Science Fair Project Encyclopedia
Watford tube station
Watford is a station at the end of the Watford branch of London Underground's Metropolitan Line in the north-western part of the network in Zone A . It is in the Cassiobury area of Watford, opposite the park. It is known locally as "Watford Met". The station building is typical red-brick and was designed by C. W. Clark.
Watford station opened on November 2, 1925, as part of the extension of the line from Moor Park, with electrical supply from the Metropolitan Railway, and a train service from the Great Central Railway to London Marylebone operating in the first few months. Although it is the terminus of the branch it was not planned as such, with an extension to the town centre envisaged but never constructed. Nevertheless, for many years a bus service ran from the station to the high street, greatly increasing patronage of the line.
For many years a short branch line from Watford Junction ran to nearby Croxley Green , though passenger usage was low. In 1996 rail services were withdrawn and the line allowed to fall into disuse. The line comes very close to the Metropolitan Line south of Watford and it has often been proposed to build a short flyover to link the two lines to create a through route to Watford Junction. This would lead to the closure of Watford Met, but Watford West station could be given a new exit to provide a near enough service.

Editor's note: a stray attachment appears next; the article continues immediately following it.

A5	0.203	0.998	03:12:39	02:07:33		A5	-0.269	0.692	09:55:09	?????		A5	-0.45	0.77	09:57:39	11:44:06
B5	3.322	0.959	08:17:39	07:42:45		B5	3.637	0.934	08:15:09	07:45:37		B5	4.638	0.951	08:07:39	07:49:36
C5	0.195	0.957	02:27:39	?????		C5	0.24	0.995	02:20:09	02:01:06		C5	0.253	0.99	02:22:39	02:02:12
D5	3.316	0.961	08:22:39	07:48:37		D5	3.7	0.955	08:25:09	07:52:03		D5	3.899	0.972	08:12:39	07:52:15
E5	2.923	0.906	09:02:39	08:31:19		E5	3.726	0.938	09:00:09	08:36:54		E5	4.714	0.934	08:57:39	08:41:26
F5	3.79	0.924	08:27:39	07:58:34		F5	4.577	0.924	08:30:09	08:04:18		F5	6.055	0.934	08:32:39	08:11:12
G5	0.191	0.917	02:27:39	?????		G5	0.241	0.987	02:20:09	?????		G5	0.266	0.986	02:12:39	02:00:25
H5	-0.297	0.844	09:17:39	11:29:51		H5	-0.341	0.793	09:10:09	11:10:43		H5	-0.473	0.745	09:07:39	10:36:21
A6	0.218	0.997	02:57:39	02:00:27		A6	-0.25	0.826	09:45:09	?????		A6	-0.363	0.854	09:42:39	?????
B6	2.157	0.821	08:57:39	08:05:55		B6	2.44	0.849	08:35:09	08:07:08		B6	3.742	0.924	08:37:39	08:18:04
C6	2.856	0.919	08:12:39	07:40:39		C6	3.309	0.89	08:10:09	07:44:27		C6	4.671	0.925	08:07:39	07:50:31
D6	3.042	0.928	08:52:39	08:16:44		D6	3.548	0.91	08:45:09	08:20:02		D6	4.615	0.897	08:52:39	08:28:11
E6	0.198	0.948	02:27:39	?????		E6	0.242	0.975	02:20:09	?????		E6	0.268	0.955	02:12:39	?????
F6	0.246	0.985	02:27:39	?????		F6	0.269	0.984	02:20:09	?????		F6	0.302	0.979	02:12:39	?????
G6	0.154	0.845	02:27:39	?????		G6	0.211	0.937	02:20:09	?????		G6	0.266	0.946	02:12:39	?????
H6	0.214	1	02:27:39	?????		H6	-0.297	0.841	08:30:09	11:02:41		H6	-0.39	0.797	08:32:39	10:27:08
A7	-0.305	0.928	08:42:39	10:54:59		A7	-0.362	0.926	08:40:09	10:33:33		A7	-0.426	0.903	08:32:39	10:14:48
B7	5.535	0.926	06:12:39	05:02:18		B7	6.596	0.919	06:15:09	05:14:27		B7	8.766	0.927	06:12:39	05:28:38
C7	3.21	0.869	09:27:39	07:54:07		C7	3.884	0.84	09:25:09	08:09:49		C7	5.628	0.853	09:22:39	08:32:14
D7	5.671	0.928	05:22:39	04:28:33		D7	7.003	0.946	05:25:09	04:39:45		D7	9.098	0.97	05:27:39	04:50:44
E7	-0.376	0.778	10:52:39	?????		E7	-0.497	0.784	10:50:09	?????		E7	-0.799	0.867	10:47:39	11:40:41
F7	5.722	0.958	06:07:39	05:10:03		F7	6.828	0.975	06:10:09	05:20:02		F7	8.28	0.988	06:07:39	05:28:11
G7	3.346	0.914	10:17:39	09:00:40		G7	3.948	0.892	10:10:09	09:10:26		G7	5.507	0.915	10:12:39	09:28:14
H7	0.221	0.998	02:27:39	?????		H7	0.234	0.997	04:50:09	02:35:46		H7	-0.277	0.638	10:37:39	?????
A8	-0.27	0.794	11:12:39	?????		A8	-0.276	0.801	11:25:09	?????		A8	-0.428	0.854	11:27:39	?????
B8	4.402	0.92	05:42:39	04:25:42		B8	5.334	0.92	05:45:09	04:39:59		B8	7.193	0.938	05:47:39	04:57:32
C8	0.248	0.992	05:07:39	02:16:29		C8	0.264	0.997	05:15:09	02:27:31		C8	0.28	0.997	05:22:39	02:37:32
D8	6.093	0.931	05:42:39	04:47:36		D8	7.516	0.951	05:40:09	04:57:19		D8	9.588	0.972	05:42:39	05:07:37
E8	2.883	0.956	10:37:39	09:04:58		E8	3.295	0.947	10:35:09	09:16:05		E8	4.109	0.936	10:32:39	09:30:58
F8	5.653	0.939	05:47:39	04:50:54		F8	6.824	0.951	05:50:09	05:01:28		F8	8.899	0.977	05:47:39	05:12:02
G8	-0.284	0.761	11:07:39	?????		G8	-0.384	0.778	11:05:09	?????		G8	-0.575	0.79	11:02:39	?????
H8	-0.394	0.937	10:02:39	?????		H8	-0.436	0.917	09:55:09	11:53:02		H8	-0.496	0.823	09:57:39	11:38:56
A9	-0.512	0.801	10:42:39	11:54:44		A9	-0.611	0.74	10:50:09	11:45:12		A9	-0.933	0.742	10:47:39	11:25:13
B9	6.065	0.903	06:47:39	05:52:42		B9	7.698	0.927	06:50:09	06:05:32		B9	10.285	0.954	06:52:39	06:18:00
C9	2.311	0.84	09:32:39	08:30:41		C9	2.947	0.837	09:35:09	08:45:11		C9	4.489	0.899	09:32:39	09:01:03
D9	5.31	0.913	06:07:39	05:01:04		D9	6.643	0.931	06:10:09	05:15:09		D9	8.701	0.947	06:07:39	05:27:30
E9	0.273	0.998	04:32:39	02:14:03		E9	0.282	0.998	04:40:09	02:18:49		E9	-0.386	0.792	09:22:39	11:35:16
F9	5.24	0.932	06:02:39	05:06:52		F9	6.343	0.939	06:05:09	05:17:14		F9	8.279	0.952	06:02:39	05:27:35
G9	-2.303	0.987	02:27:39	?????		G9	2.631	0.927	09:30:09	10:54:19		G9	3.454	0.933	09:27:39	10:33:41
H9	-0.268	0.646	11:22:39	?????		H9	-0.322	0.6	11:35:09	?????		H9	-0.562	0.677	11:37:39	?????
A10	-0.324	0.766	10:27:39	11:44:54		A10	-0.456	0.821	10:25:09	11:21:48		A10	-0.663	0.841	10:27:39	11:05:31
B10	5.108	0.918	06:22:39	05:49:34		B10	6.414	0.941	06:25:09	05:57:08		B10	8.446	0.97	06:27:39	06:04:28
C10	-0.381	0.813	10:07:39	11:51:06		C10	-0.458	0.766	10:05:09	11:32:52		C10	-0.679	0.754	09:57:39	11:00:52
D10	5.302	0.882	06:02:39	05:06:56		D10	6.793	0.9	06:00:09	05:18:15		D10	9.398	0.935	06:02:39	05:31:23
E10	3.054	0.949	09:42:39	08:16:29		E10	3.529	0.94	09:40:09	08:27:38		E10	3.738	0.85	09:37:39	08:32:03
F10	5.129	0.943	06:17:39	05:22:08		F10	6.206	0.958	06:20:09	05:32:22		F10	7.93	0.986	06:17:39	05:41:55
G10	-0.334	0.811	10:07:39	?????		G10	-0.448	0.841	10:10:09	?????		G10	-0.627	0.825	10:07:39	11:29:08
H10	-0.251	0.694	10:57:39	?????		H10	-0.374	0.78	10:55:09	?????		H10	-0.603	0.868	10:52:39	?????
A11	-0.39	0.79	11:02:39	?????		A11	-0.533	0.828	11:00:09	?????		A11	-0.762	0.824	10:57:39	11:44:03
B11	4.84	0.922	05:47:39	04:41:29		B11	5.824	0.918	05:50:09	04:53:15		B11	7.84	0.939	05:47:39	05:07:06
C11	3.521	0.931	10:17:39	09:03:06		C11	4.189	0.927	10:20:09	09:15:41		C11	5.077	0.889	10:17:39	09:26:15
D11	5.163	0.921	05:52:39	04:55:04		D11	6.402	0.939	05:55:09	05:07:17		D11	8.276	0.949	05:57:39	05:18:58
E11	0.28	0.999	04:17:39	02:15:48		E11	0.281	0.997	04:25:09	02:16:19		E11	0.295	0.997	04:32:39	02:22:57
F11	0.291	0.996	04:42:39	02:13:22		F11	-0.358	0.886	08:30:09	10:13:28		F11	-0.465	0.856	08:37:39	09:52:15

It is envisaged that the services on the lines so linked could be further enhanced by using the north-facing junction on the Metropolitan main line north of Moor Park to provide shuttle services between Watford Junction and Amersham, Chesham or even Aylesbury. It is believed that such a service would do much to enhance the entire area.
This project, although small, has long faced problems with funding. As Watford is outside Greater London, normal sources of funding for the Tube are not available. Hertfordshire County Council do not have railways within their remit and so are unable to supply the funding on their own. However, the County Council, backed by Transport for London, are now leading a combined scheme to build the extension largely from a Government grant; this is projected to cost about £60m, and give completion by 2009. It remains to be seen whether these funds will be forthcoming.
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